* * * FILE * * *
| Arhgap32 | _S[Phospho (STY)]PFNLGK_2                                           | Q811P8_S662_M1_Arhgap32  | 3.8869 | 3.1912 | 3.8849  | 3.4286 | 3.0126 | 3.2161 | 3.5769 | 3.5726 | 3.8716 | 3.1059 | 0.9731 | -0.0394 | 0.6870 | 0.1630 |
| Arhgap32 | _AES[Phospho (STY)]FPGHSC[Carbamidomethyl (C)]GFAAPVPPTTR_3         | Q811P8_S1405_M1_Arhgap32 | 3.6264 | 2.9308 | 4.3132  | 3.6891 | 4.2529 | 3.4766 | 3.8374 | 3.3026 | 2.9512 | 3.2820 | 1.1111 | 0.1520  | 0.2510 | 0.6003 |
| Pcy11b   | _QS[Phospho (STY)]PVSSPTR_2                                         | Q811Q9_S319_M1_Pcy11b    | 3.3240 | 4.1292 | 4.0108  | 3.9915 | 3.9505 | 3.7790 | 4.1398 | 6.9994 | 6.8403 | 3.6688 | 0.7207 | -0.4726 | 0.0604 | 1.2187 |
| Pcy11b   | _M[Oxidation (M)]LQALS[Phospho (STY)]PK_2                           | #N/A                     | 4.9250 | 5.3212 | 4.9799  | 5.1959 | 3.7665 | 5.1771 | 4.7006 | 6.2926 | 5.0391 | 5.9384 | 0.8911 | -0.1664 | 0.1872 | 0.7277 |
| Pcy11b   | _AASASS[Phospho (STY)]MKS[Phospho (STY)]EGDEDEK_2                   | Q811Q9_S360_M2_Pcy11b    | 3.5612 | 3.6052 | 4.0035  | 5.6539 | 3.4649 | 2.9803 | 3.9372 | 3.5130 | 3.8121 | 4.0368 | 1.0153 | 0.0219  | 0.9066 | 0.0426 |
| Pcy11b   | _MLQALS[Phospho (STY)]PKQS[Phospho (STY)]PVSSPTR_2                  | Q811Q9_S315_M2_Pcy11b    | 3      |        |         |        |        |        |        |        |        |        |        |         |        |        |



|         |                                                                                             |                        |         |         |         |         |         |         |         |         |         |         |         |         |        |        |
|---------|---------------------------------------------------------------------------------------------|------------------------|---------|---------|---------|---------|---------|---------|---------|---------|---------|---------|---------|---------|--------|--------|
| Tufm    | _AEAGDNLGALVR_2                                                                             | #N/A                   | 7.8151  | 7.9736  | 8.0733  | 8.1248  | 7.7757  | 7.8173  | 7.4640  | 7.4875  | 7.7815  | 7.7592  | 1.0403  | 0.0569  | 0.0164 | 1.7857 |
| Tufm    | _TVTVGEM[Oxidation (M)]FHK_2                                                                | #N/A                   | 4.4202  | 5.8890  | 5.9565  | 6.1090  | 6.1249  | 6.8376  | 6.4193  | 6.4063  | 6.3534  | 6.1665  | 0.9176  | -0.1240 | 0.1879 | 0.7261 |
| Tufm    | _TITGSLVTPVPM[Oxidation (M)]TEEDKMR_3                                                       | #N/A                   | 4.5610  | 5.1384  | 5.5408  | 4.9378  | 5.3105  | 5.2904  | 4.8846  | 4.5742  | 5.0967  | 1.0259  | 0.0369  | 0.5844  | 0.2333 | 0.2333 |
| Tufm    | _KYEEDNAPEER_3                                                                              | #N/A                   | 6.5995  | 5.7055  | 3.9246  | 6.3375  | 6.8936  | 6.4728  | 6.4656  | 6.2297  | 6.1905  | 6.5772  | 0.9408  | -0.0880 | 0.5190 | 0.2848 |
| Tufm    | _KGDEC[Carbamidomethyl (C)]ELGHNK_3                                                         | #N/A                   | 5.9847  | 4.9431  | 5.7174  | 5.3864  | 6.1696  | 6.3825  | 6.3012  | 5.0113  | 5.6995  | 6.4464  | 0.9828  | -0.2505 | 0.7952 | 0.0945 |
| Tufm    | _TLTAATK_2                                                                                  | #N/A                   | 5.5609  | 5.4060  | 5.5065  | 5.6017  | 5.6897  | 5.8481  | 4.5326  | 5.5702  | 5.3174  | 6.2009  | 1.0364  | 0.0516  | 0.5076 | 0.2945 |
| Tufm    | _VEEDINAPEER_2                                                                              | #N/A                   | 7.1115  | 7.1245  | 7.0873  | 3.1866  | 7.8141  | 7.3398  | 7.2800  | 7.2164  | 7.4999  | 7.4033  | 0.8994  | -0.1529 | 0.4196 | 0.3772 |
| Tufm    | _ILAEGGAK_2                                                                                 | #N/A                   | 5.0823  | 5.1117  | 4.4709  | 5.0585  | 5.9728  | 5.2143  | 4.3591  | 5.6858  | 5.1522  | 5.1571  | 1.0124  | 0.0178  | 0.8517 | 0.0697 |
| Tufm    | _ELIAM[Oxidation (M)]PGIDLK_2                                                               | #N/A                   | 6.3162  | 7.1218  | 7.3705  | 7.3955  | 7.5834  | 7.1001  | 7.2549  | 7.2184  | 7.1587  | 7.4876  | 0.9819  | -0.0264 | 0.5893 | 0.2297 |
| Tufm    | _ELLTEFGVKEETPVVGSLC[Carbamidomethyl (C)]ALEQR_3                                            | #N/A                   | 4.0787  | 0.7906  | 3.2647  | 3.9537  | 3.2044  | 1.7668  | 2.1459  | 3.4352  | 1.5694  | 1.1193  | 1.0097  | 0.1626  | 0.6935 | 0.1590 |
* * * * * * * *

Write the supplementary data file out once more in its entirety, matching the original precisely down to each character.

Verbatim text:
| Arhgap32 | _S[Phospho (STY)]PFNLGK_2                                           | Q811P8_S662_M1_Arhgap32  | 3.8869 | 3.1912 | 3.8849  | 3.4286 | 3.0126 | 3.2161 | 3.5769 | 3.5726 | 3.8716 | 3.1059 | 0.9731 | -0.0394 | 0.6870 | 0.1630 |
| Arhgap32 | _AES[Phospho (STY)]FPGHSC[Carbamidomethyl (C)]GFAAPVPPTTR_3         | Q811P8_S1405_M1_Arhgap32 | 3.6264 | 2.9308 | 4.3132  | 3.6891 | 4.2529 | 3.4766 | 3.8374 | 3.3026 | 2.9512 | 3.2820 | 1.1111 | 0.1520  | 0.2510 | 0.6003 |
| Pcy11b   | _QS[Phospho (STY)]PVSSPTR_2                                         | Q811Q9_S319_M1_Pcy11b    | 3.3240 | 4.1292 | 4.0108  | 3.9915 | 3.9505 | 3.7790 | 4.1398 | 6.9994 | 6.8403 | 3.6688 | 0.7207 | -0.4726 | 0.0604 | 1.2187 |
| Pcy11b   | _M[Oxidation (M)]LQALS[Phospho (STY)]PK_2                           | #N/A                     | 4.9250 | 5.3212 | 4.9799  | 5.1959 | 3.7665 | 5.1771 | 4.7006 | 6.2926 | 5.0391 | 5.9384 | 0.8911 | -0.1664 | 0.1872 | 0.7277 |
| Pcy11b   | _AASASS[Phospho (STY)]MKS[Phospho (STY)]EGDEDEK_2                   | Q811Q9_S360_M2_Pcy11b    | 3.5612 | 3.6052 | 4.0035  | 5.6539 | 3.4649 | 2.9803 | 3.9372 | 3.5130 | 3.8121 | 4.0368 | 1.0153 | 0.0219  | 0.9066 | 0.0426 |
| Pcy11b   | _MLQALS[Phospho (STY)]PKQS[Phospho (STY)]PVSSPTR_2                  | Q811Q9_S315_M2_Pcy11b    | 3      |        |         |        |        |        |        |        |        |        |        |         |        |        |



|         |                                                                                             |                        |         |         |         |         |         |         |         |         |         |         |         |         |        |        |
|---------|---------------------------------------------------------------------------------------------|------------------------|---------|---------|---------|---------|---------|---------|---------|---------|---------|---------|---------|---------|--------|--------|
| Tufm    | _AEAGDNLGALVR_2                                                                             | #N/A                   | 7.8151  | 7.9736  | 8.0733  | 8.1248  | 7.7757  | 7.8173  | 7.4640  | 7.4875  | 7.7815  | 7.7592  | 1.0403  | 0.0569  | 0.0164 | 1.7857 |
| Tufm    | _TVTVGEM[Oxidation (M)]FHK_2                                                                | #N/A                   | 4.4202  | 5.8890  | 5.9565  | 6.1090  | 6.1249  | 6.8376  | 6.4193  | 6.4063  | 6.3534  | 6.1665  | 0.9176  | -0.1240 | 0.1879 | 0.7261 |
| Tufm    | _TITGSLVTPVPM[Oxidation (M)]TEEDKMR_3                                                       | #N/A                   | 4.5610  | 5.1384  | 5.5408  | 4.9378  | 5.3105  | 5.2904  | 4.8846  | 4.5742  | 5.0967  | 1.0259  | 0.0369  | 0.5844  | 0.2333 | 0.2333 |
| Tufm    | _KYEEDNAPEER_3                                                                              | #N/A                   | 6.5995  | 5.7055  | 3.9246  | 6.3375  | 6.8936  | 6.4728  | 6.4656  | 6.2297  | 6.1905  | 6.5772  | 0.9408  | -0.0880 | 0.5190 | 0.2848 |
| Tufm    | _KGDEC[Carbamidomethyl (C)]ELGHNK_3                                                         | #N/A                   | 5.9847  | 4.9431  | 5.7174  | 5.3864  | 6.1696  | 6.3825  | 6.3012  | 5.0113  | 5.6995  | 6.4464  | 0.9828  | -0.2505 | 0.7952 | 0.0945 |
| Tufm    | _TLTAATK_2                                                                                  | #N/A                   | 5.5609  | 5.4060  | 5.5065  | 5.6017  | 5.6897  | 5.8481  | 4.5326  | 5.5702  | 5.3174  | 6.2009  | 1.0364  | 0.0516  | 0.5076 | 0.2945 |
| Tufm    | _VEEDINAPEER_2                                                                              | #N/A                   | 7.1115  | 7.1245  | 7.0873  | 3.1866  | 7.8141  | 7.3398  | 7.2800  | 7.2164  | 7.4999  | 7.4033  | 0.8994  | -0.1529 | 0.4196 | 0.3772 |
| Tufm    | _ILAEGGAK_2                                                                                 | #N/A                   | 5.0823  | 5.1117  | 4.4709  | 5.0585  | 5.9728  | 5.2143  | 4.3591  | 5.6858  | 5.1522  | 5.1571  | 1.0124  | 0.0178  | 0.8517 | 0.0697 |
| Tufm    | _ELIAM[Oxidation (M)]PGIDLK_2                                                               | #N/A                   | 6.3162  | 7.1218  | 7.3705  | 7.3955  | 7.5834  | 7.1001  | 7.2549  | 7.2184  | 7.1587  | 7.4876  | 0.9819  | -0.0264 | 0.5893 | 0.2297 |
| Tufm    | _ELLTEFGVKEETPVVGSLC[Carbamidomethyl (C)]ALEQR_3                                            | #N/A                   | 4.0787  | 0.7906  | 3.2647  | 3.9537  | 3.2044  | 1.7668  | 2.1459  | 3.4352  | 1.5694  | 1.1193  | 1.0097  | 0.1626  | 0.6935 | 0.1590 |